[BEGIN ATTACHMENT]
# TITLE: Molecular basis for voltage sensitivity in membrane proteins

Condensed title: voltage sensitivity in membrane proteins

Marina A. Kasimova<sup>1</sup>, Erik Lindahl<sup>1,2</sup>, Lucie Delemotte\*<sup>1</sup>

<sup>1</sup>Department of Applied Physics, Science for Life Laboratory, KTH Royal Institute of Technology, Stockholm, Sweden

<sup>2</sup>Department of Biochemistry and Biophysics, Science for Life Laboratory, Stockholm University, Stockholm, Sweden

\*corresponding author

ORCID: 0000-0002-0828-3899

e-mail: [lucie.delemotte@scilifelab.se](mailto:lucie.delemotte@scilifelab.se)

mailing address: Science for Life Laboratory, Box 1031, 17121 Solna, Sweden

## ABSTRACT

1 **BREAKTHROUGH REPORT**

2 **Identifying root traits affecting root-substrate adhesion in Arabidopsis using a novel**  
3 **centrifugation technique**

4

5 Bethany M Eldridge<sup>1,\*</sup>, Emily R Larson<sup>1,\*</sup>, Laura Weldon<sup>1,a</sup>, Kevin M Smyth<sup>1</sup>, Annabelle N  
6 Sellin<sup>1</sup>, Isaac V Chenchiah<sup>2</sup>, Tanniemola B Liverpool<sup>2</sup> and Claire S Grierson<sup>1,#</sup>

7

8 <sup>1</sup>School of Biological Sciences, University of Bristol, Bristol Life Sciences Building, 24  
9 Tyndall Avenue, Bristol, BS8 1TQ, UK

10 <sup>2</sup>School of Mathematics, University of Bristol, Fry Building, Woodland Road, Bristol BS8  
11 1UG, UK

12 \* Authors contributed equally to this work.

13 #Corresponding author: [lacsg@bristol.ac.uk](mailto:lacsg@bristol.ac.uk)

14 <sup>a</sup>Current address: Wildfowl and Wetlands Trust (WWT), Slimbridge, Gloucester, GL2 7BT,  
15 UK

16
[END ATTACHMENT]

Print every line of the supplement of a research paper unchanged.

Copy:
# TITLE: Molecular basis for voltage sensitivity in membrane proteins

Condensed title: voltage sensitivity in membrane proteins

Marina A. Kasimova<sup>1</sup>, Erik Lindahl<sup>1,2</sup>, Lucie Delemotte\*<sup>1</sup>

<sup>1</sup>Department of Applied Physics, Science for Life Laboratory, KTH Royal Institute of Technology, Stockholm, Sweden

<sup>2</sup>Department of Biochemistry and Biophysics, Science for Life Laboratory, Stockholm University, Stockholm, Sweden

\*corresponding author

ORCID: 0000-0002-0828-3899

e-mail: [lucie.delemotte@scilifelab.se](mailto:lucie.delemotte@scilifelab.se)

mailing address: Science for Life Laboratory, Box 1031, 17121 Solna, Sweden

## ABSTRACT

1 **BREAKTHROUGH REPORT**

2 **Identifying root traits affecting root-substrate adhesion in Arabidopsis using a novel**  
3 **centrifugation technique**

4

5 Bethany M Eldridge<sup>1,\*</sup>, Emily R Larson<sup>1,\*</sup>, Laura Weldon<sup>1,a</sup>, Kevin M Smyth<sup>1</sup>, Annabelle N  
6 Sellin<sup>1</sup>, Isaac V Chenchiah<sup>2</sup>, Tanniemola B Liverpool<sup>2</sup> and Claire S Grierson<sup>1,#</sup>

7

8 <sup>1</sup>School of Biological Sciences, University of Bristol, Bristol Life Sciences Building, 24  
9 Tyndall Avenue, Bristol, BS8 1TQ, UK

10 <sup>2</sup>School of Mathematics, University of Bristol, Fry Building, Woodland Road, Bristol BS8  
11 1UG, UK

12 \* Authors contributed equally to this work.

13 #Corresponding author: [lacsg@bristol.ac.uk](mailto:lacsg@bristol.ac.uk)

14 <sup>a</sup>Current address: Wildfowl and Wetlands Trust (WWT), Slimbridge, Gloucester, GL2 7BT,  
15 UK

16